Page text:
I am WFF right now – Working From France. Coming over here for the last chunk of 2020 was a personal Brexit protest. Working and living here has always been a dream of mine – but my French was never good enough to get a job. So it seems ironic that, just as this has become a reality because of completely remote working, the possibility is being taken away.
A Bill just passed by the Parliament in London says that next year I won’t be able to work in France or anywhere else in Europe without a visa, or stay here for more than 90 days in each six-month period. A sad loss. I am also contending with a more temporary restriction of freedom of movement imposed by the lockdown, or ‘confinement’, as it is known in France.
The plan to move to France was first hatched in early 2020, with friends who were equally keen to enjoy the last breath of free movement. We ended up coming over just before the second wave of Covid crashed across the continent. Confinement is strict here and I am not living the French life I had imagined.
It is still hot on sunny days, though cool on clear nights, when we can spot Mars and Jupiter from our terrace through binoculars. I have plenty of work to do (this is not what I am scheduled to be writing today). I am improving my French a little and spending time on my yoga mat. However, I can no longer go out for the big hikes I had planned, or drive to swim in the lake.
You have to have a signed “attestation” in your pocket or on your phone when you go out. Exercise is limited to one hour within one km of your dwelling – except for hunting which for some reason is exempt. On the short drive to our nearest market town on Sunday, I saw four large groups of hunters, standing around in orange vests, rifles clasped in their arms. I doubt there will be a wild boar left in the country when lockdown is over. Unless, of course, they chat more than they chassent.
My saving grace is that the time limitation does not apply to shopping. I don’t like supermarkets and prefer to visit the small shops in town, practicing my Allo Allo style French on the shopkeepers. It takes the combined efforts of Madame la bouchere, her husband and the woman who works in the back room to communicate with me.
But all the restaurants and cafes are closed. You can’t so much as sit outside the boulangerie and munch on your croissant. The bookshops are shut. Even little French towns often have lovely bookshops but they are classed as non-essential. After a clamour by small shopkeepers, the supermarkets have had to cordon off similar merchandise. I didn’t bring many clothes as I started my travels by train, and as an article in my newspaper of choice ‘Aujourd’hui” put it – “Les chips sont plus essentielles que les culottes?” Sacre bleu! Culture minister Roselyne Bachelot appealed to the French not to buy books on Amazon, but it is of course looking forward to profiting from a Black Friday bonanza.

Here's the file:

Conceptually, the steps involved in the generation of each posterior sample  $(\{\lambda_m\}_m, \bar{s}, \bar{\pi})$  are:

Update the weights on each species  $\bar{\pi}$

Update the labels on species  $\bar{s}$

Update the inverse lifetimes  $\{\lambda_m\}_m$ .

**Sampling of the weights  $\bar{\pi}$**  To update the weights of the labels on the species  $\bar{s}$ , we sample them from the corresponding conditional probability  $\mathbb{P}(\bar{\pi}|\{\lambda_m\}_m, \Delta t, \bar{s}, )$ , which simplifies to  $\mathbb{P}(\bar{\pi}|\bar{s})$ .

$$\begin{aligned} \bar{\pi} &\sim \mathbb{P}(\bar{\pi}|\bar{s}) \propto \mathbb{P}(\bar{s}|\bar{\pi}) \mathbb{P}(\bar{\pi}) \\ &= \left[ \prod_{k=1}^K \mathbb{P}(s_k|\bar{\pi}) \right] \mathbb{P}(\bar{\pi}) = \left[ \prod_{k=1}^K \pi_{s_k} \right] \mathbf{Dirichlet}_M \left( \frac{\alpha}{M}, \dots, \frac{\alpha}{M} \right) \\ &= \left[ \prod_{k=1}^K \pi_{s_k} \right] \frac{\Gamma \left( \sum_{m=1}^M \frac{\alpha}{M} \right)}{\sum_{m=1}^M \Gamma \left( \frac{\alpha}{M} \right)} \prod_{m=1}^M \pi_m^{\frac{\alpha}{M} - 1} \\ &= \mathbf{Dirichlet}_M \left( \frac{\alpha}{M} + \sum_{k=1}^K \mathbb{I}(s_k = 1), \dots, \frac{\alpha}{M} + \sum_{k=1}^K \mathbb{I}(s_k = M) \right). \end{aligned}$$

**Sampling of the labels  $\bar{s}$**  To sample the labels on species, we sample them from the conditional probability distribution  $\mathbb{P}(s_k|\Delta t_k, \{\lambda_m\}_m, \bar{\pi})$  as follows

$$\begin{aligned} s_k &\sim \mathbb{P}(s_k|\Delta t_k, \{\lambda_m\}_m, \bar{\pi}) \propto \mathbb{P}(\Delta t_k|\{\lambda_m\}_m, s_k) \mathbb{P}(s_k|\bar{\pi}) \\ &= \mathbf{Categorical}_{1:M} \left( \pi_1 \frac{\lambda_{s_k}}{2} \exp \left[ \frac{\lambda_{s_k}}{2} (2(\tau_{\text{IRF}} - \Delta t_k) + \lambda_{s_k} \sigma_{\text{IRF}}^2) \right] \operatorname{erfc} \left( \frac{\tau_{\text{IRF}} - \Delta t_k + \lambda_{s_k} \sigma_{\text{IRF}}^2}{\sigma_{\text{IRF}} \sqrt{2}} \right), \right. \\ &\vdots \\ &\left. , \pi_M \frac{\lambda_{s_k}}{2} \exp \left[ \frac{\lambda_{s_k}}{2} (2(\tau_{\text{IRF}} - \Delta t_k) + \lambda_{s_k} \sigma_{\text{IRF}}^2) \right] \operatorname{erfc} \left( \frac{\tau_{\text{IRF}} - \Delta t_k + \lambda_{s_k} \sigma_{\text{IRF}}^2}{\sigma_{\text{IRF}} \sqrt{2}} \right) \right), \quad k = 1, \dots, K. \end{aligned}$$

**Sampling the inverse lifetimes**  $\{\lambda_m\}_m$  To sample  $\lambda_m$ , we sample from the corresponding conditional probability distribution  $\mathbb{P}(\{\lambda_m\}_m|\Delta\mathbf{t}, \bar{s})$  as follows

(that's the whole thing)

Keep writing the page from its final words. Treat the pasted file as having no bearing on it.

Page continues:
The cathedral is open all day for private reflection and prayer and I often seek refuge in its cool interior, looking up at banks of vivid stained glass windows. There is hardly ever anyone else to be seen, but fresh flowers and racks of burning candles indicate there are other visitors. On the occasion that someone else enters, I do find myself listening intently, thinking about the attack in Nice, relieved to hear the unhurried footsteps of the women who look after the church.
The French lockdown came on the heels of the beheading of history teacher Samuel Paty, Macron’s robust defence of French values at Paty’s funeral, including refusing to renounce the satirical cartoons, was backed by other European leaders though not, unsurprisingly, by the man a Biden adviser famously called “that shape-shifting creep” Boris Johnson. But the response from some Arab leaders, including Erdogan who did his best to make political capital from the attack was furious, with demos, effigy burning and calls for boycotts on French goods. A cartoon satirising Erdogan in Charlie Hebdo caused more controversy. Macron is pushing to strengthen the external border of the Schengen zone, to increase security. More attacks on France are feared.
So lockdown came to a France that has more than one reason for anxiety and it provides an opportunity for a new level of police surveillance. It is widely supported it seems. The financial compensation package here is relatively generous – including a ‘solidarity fund’ for small businesses. What protests there have been about lockdown are arguing for it to be strengthened – schools are open but some teachers have gone on strike over health risks. High school students protested about crowded conditions in classrooms and in one case the police used tear gas against them.
The French ‘confinement’ was originally scheduled to last until December 1. On Thursday, Prime Minister Jean Cstex announced that it will be extended in some form until mid-December. I may be back in Scotland before culottes and cafe au lait are freely available again. However, as the last sands of this extraordinary year spin through the hour-glass, I am trying to make the most of this – possibly my last – chance to WFF.